Executive summary for Series 4: 24 July to 6 August 2020

This is the fourth of the national surveys of New Zealand general practice experience with COVID-19 and its aftermath. This survey was launched when NZ was in alert level 1. While the only NZ cases are from incoming travellers, practices are required to triage and COVID-19 swab patients with respiratory symptoms

Policy recommendations based on responses

Practices have been demoralised by inconsistent messages around COVID-19 testing, and feeling unfairly blamed in the media for low surveillance. Clear messages, adequate resourcing and payment is required going forward.

Effects of COVID-19 on practices

The strain on the practices from COVID-19 continues, with 69% still reporting significant to severe impact, and only 6% no ongoing effect. 20% report ongoing effects of COVID-19 leading to staff layoff or affecting leave arrangements, with no change from S3.


The biggest concern raised in this survey is around testing. 20% still report concerns about lack of financial recompense for testing. Less testing is taking place – 80% were conducting tests, with 32% having tested 11 to 39 in the previous fortnight, and only 7% 40 or more (compare 28% in S3). 8% had triaged and referred 40 or more for testing (down from 22% in S3).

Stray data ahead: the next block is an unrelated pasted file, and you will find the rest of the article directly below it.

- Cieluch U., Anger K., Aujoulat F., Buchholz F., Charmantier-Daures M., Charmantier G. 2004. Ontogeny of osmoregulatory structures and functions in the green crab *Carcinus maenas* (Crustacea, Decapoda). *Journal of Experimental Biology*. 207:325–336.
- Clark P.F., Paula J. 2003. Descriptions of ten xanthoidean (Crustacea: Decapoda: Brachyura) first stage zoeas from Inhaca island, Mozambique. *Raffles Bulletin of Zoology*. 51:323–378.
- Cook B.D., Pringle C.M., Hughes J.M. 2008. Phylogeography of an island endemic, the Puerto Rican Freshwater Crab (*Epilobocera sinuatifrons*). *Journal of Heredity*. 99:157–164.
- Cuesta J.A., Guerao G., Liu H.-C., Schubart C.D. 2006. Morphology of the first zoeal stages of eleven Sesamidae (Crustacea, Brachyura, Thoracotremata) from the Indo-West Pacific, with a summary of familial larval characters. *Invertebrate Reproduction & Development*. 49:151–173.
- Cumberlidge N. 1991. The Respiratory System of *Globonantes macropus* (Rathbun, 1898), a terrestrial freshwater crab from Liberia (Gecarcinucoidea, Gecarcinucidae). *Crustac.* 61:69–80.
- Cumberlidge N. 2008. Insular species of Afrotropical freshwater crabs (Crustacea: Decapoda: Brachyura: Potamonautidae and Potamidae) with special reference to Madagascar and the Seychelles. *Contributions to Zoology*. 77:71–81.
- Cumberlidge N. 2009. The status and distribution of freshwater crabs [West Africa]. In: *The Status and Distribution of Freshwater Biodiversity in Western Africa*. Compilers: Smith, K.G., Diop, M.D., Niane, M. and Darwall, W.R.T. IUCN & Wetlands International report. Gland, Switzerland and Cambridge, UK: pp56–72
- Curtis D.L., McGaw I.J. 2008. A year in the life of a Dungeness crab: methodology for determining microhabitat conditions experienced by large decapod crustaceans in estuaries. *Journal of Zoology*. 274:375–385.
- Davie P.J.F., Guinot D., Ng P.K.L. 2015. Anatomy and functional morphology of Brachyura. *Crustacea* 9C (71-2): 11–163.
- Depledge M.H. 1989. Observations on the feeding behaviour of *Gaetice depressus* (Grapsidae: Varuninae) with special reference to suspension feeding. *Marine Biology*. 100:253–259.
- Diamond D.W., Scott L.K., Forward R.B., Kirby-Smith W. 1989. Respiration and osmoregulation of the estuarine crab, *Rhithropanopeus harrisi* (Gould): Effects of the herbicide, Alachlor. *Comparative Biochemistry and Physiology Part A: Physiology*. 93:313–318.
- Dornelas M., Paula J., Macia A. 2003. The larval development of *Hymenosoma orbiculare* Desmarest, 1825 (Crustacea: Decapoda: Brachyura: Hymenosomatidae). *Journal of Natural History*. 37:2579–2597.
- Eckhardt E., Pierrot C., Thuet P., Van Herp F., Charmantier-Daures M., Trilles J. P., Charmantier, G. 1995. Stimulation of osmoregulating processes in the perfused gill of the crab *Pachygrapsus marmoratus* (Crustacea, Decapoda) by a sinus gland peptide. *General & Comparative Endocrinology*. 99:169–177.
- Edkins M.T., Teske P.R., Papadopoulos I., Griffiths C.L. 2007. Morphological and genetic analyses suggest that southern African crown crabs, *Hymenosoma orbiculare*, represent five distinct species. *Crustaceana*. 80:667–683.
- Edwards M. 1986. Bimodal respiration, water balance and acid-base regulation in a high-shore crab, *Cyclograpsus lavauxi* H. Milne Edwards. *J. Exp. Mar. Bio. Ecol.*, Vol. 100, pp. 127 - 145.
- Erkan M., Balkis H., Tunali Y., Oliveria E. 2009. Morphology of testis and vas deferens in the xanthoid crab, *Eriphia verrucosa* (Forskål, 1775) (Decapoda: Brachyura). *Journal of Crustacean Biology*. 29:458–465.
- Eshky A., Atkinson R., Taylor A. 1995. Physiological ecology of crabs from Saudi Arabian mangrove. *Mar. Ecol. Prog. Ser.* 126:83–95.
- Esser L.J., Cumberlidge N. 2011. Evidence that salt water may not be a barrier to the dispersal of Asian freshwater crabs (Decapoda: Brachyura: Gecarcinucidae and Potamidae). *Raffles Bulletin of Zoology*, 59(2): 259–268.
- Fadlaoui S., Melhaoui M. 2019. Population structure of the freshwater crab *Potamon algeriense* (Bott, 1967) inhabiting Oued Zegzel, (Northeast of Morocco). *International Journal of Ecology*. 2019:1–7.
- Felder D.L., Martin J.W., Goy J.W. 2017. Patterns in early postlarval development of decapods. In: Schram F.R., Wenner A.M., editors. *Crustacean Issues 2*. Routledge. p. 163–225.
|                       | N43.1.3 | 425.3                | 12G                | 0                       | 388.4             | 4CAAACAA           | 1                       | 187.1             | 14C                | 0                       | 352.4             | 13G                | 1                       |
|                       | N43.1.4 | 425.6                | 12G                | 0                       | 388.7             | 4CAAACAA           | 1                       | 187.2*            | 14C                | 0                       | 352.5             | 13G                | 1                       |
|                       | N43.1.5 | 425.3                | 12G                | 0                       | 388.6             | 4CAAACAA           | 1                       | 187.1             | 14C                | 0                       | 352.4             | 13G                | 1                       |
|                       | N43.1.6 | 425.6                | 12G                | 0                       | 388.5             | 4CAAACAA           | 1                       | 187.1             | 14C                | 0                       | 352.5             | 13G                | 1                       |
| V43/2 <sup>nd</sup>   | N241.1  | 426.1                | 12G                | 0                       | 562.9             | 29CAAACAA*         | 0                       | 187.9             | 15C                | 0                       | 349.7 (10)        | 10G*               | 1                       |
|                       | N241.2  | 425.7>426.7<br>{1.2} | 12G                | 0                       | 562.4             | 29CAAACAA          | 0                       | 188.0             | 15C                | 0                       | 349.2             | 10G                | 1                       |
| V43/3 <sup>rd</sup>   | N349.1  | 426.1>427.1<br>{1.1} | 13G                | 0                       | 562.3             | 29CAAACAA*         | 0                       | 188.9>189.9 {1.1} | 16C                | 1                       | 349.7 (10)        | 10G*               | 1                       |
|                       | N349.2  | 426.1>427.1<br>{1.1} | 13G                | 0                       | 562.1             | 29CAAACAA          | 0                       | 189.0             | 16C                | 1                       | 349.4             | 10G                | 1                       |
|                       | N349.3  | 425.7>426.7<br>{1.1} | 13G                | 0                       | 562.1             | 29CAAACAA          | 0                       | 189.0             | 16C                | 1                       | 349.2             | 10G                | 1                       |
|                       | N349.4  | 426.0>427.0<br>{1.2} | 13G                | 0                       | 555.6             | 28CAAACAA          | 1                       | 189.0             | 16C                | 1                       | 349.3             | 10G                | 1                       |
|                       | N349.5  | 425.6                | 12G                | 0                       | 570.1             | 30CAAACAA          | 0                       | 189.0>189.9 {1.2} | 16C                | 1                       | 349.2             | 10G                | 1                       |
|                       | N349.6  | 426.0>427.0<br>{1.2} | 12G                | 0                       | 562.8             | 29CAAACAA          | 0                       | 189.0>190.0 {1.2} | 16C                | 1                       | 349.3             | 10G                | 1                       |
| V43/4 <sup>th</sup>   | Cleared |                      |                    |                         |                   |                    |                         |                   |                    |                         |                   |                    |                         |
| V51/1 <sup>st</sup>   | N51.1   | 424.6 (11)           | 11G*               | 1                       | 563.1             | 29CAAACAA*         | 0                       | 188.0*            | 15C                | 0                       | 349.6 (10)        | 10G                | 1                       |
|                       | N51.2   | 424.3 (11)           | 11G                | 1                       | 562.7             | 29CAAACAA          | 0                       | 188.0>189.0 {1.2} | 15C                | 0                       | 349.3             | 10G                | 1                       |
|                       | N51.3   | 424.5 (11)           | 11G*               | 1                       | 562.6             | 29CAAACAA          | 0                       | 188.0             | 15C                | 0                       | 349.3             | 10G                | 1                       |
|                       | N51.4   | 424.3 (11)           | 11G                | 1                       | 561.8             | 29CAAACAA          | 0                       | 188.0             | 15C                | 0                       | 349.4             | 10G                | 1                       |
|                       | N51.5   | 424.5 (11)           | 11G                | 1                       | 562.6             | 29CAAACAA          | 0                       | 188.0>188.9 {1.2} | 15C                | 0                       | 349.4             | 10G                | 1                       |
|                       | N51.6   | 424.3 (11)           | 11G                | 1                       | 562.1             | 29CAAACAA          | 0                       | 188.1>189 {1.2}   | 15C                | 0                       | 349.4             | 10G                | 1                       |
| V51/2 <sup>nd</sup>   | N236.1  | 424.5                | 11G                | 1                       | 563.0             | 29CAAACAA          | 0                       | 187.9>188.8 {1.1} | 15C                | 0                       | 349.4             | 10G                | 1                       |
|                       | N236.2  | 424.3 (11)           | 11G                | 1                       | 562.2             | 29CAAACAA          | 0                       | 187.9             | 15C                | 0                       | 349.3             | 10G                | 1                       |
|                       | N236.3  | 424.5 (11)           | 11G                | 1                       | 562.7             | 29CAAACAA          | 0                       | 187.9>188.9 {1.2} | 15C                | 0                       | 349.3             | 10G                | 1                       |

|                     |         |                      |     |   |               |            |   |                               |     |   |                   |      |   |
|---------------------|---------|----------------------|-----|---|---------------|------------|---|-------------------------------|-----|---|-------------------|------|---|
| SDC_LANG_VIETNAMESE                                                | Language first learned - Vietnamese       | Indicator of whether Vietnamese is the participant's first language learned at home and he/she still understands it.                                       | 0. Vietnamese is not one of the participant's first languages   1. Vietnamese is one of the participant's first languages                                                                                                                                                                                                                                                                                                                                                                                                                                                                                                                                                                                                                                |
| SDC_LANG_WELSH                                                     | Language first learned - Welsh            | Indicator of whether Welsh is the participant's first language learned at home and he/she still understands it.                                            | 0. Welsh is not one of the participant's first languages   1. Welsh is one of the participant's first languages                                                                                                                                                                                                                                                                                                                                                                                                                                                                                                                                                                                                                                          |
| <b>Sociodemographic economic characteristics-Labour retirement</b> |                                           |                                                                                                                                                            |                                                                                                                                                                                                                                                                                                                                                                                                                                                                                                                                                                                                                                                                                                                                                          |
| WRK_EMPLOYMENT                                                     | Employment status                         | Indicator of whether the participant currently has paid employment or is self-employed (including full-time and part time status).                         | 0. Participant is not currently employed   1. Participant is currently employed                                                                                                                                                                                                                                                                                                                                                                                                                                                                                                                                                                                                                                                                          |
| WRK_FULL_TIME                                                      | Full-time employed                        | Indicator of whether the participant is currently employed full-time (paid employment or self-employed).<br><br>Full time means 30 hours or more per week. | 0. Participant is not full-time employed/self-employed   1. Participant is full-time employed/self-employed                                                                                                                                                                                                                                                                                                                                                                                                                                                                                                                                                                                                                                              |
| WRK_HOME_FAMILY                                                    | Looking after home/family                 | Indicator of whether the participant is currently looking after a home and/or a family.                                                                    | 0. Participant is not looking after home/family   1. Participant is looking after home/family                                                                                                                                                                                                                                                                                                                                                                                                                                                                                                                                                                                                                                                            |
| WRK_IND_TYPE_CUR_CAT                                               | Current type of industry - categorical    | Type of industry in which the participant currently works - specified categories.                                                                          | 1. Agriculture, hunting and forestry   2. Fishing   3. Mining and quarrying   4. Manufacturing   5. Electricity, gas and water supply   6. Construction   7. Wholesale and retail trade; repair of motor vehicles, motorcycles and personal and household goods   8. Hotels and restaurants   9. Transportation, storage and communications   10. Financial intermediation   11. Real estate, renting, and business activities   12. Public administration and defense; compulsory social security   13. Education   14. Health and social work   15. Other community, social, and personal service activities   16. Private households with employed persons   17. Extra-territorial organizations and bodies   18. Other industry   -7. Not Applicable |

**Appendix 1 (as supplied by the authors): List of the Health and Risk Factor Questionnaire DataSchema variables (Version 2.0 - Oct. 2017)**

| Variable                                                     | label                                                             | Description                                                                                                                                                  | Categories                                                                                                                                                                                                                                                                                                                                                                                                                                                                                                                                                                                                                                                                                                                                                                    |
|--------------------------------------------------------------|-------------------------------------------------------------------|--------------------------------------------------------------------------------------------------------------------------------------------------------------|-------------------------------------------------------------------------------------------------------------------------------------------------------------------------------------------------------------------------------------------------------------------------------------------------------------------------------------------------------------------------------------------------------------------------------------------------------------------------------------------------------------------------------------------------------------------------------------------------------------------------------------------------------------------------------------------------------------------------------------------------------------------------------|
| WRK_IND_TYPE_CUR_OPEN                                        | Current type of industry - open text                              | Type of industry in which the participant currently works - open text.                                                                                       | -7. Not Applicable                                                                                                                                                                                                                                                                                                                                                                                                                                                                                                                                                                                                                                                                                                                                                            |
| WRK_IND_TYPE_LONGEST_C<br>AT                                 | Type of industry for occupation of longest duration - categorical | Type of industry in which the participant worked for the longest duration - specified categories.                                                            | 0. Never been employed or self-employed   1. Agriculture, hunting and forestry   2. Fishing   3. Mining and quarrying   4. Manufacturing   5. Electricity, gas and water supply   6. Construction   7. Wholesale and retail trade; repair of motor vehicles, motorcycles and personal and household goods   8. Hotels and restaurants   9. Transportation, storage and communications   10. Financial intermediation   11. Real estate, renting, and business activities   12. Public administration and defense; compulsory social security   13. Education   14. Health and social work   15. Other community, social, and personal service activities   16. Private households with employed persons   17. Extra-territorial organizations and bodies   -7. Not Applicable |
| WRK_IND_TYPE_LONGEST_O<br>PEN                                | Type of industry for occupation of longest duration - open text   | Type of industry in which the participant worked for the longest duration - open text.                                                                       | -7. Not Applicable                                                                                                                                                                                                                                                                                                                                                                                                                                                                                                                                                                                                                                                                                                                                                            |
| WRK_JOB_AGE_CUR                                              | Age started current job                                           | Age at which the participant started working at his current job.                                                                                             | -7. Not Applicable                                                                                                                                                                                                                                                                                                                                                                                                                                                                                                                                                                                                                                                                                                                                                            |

Ongoing confusion regarding testing – understandably constantly needs review however still a disconnect between what we actually do vs what the Minister thinks we don’t do! We need more accessible/walk in CBACs if they want to increase swabbing and for us to continue BAU general practice – example – having to do a COVID swab unexpectedly on my first pt of the day with waiting room of mothers and kids looking at my PPE in fear and needing reassurance they were not being exposed (not to mention that subsequently ran late for the morning)[GP]

While most were able to get patients tested, 16% had been unable to do this for a few or more (14% in S3).

My notifications and swab referrals have been declined on multiple occasions at local CBAC and designated practices, despite it being my clinical judgment that they should be swabbed. [GP]

Many commented on the inconsistencies around surveillance testing strategies communicated by the Ministry of Health, with low rates reported in the media but practices unable to test due to restrictive criteria or lack of supplies.

Still being tossed around between the MOH and DHBs over covid surveillance both in funding and definition. MOH continue to state that testing should be free knowing that DHBs are not paying us enough to allow the service to be “free” leaving us to run the service at a loss ie GPs are subsidising the service not government. [GP]